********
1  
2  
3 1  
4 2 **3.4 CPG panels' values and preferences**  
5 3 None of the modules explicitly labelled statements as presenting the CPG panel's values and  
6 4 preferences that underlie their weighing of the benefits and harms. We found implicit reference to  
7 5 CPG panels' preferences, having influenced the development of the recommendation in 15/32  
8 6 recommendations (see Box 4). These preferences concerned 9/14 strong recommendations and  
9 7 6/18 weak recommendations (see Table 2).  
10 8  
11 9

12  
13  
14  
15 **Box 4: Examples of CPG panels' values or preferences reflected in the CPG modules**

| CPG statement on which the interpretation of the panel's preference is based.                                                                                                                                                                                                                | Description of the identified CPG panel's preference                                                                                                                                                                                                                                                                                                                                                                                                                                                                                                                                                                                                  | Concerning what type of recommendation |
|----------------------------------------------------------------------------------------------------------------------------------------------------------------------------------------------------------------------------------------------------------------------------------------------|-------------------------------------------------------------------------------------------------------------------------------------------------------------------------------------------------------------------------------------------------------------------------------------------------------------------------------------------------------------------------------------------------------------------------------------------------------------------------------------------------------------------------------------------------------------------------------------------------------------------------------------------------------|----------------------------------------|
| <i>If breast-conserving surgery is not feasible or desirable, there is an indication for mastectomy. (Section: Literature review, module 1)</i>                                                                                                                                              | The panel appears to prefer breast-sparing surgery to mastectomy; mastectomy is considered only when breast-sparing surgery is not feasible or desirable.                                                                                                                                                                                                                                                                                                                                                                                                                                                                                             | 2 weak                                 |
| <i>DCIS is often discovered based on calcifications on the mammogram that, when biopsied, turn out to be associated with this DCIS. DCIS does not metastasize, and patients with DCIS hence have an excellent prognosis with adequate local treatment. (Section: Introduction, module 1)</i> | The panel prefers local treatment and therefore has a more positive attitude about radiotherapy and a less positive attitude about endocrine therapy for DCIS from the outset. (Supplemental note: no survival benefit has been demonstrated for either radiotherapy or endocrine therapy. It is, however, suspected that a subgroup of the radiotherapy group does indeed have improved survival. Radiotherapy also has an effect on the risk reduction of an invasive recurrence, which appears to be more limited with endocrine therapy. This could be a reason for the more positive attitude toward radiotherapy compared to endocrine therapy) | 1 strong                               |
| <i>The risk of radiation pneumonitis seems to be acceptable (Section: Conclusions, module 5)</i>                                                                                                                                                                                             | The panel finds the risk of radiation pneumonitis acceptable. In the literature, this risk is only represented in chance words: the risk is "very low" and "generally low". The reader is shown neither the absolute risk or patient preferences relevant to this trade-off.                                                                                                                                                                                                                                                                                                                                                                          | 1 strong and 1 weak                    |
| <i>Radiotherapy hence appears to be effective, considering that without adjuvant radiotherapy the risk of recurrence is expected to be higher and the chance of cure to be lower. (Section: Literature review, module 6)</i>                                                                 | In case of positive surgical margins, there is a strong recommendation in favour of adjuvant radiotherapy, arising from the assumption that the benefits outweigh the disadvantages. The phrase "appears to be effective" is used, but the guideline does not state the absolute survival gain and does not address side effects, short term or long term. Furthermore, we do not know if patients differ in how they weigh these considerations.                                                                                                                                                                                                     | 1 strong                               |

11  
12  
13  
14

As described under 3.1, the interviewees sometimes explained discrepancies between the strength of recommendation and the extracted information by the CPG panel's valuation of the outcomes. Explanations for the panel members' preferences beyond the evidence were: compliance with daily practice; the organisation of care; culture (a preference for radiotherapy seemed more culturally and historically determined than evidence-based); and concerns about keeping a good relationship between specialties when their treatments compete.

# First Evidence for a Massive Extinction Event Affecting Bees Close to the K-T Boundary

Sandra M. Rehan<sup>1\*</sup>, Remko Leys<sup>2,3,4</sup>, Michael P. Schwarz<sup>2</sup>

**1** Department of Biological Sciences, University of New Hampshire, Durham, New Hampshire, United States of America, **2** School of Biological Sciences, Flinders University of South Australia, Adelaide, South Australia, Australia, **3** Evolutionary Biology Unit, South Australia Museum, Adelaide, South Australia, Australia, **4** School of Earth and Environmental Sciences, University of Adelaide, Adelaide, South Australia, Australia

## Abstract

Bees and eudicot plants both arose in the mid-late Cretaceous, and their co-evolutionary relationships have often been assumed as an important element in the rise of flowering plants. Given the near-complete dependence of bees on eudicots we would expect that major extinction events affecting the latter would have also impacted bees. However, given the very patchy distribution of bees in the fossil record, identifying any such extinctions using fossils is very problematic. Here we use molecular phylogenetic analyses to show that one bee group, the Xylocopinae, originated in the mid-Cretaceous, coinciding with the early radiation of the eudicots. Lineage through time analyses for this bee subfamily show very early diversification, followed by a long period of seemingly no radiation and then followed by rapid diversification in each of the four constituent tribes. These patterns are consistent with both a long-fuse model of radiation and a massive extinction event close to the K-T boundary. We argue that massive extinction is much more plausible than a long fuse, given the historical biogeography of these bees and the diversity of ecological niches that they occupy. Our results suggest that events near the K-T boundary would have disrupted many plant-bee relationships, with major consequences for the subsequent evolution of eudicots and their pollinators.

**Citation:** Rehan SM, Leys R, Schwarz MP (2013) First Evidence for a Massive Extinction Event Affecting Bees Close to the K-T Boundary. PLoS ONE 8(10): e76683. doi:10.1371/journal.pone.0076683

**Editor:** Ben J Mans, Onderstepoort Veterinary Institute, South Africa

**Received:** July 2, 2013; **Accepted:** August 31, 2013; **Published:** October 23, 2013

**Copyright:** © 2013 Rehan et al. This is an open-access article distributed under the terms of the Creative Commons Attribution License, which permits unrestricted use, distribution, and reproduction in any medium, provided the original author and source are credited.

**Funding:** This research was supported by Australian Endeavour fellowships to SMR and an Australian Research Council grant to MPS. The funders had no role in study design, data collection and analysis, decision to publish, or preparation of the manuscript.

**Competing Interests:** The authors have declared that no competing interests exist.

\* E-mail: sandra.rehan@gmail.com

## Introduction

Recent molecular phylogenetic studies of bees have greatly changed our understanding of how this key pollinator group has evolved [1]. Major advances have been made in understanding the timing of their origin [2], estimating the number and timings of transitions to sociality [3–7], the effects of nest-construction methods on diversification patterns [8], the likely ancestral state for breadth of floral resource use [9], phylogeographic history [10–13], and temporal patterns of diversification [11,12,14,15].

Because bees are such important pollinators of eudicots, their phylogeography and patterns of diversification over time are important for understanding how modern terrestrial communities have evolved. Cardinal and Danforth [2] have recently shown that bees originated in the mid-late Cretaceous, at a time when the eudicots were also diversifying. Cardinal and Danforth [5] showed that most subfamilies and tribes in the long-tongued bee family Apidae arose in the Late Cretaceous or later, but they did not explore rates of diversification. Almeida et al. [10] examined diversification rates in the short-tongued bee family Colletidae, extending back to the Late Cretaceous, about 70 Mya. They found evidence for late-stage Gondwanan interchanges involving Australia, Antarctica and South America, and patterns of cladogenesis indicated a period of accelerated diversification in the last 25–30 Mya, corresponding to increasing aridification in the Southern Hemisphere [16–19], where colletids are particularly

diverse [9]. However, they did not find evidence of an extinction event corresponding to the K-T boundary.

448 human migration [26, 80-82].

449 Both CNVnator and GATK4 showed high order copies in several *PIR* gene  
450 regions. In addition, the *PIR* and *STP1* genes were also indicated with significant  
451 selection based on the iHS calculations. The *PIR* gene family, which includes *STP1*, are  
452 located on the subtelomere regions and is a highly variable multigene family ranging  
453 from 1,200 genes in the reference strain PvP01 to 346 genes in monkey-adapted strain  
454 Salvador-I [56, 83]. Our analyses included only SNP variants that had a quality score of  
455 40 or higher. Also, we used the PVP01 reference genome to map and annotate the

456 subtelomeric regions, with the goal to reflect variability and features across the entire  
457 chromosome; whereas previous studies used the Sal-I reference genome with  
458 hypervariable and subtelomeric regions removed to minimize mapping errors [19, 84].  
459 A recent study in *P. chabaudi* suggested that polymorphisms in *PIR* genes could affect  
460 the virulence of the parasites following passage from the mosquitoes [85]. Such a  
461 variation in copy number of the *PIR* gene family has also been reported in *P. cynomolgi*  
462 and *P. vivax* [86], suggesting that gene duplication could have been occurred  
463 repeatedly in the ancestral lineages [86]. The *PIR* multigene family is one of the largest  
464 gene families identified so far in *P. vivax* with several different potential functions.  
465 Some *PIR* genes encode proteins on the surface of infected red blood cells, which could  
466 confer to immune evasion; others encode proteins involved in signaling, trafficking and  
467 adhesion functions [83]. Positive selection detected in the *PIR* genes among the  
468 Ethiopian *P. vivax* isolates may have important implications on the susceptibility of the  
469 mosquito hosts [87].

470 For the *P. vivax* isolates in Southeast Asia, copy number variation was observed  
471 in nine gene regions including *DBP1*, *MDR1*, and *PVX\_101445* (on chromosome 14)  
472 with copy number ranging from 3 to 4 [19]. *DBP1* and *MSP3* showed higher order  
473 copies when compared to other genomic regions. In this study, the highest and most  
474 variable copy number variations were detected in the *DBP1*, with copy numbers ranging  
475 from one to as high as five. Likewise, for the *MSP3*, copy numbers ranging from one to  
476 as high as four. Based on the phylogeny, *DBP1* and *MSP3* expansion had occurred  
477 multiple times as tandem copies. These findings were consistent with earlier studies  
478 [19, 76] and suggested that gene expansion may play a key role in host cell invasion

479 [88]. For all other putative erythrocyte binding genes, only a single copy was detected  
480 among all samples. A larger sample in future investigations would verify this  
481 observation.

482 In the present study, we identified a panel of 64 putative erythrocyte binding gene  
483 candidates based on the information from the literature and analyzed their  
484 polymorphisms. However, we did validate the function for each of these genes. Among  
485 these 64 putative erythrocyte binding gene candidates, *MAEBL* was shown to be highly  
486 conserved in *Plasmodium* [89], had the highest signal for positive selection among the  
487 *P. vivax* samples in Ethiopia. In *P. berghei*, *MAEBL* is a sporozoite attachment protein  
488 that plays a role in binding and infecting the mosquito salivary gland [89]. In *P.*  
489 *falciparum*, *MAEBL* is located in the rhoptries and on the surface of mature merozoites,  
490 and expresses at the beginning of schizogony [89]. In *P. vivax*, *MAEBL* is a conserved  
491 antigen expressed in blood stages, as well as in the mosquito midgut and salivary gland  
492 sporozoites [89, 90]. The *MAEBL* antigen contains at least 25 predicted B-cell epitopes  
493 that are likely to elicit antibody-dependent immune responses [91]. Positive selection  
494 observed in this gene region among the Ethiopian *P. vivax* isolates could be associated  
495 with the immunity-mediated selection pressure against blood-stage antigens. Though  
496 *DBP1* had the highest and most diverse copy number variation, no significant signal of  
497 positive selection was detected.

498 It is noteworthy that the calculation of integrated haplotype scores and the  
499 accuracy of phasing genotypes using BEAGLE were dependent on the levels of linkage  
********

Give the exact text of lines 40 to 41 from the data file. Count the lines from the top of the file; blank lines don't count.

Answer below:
Recent molecular phylogenetic studies of bees have greatly changed our understanding of how this key pollinator group has evolved [1]. Major advances have been made in understanding the timing of their origin [2], estimating the number and timings of transitions to sociality [3–7], the effects of nest-construction methods on diversification patterns [8], the likely ancestral state for breadth of floral resource use [9], phylogeographic history [10–13], and temporal patterns of diversification [11,12,14,15].

Because bees are such important pollinators of eudicots, their phylogeography and patterns of diversification over time are important for understanding how modern terrestrial communities have evolved. Cardinal and Danforth [2] have recently shown that bees originated in the mid-late Cretaceous, at a time when the eudicots were also diversifying. Cardinal and Danforth [5] showed that most subfamilies and tribes in the long-tongued bee family Apidae arose in the Late Cretaceous or later, but they did not explore rates of diversification. Almeida et al. [10] examined diversification rates in the short-tongued bee family Colletidae, extending back to the Late Cretaceous, about 70 Mya. They found evidence for late-stage Gondwanan interchanges involving Australia, Antarctica and South America, and patterns of cladogenesis indicated a period of accelerated diversification in the last 25–30 Mya, corresponding to increasing aridification in the Southern Hemisphere [16–19], where colletids are particularly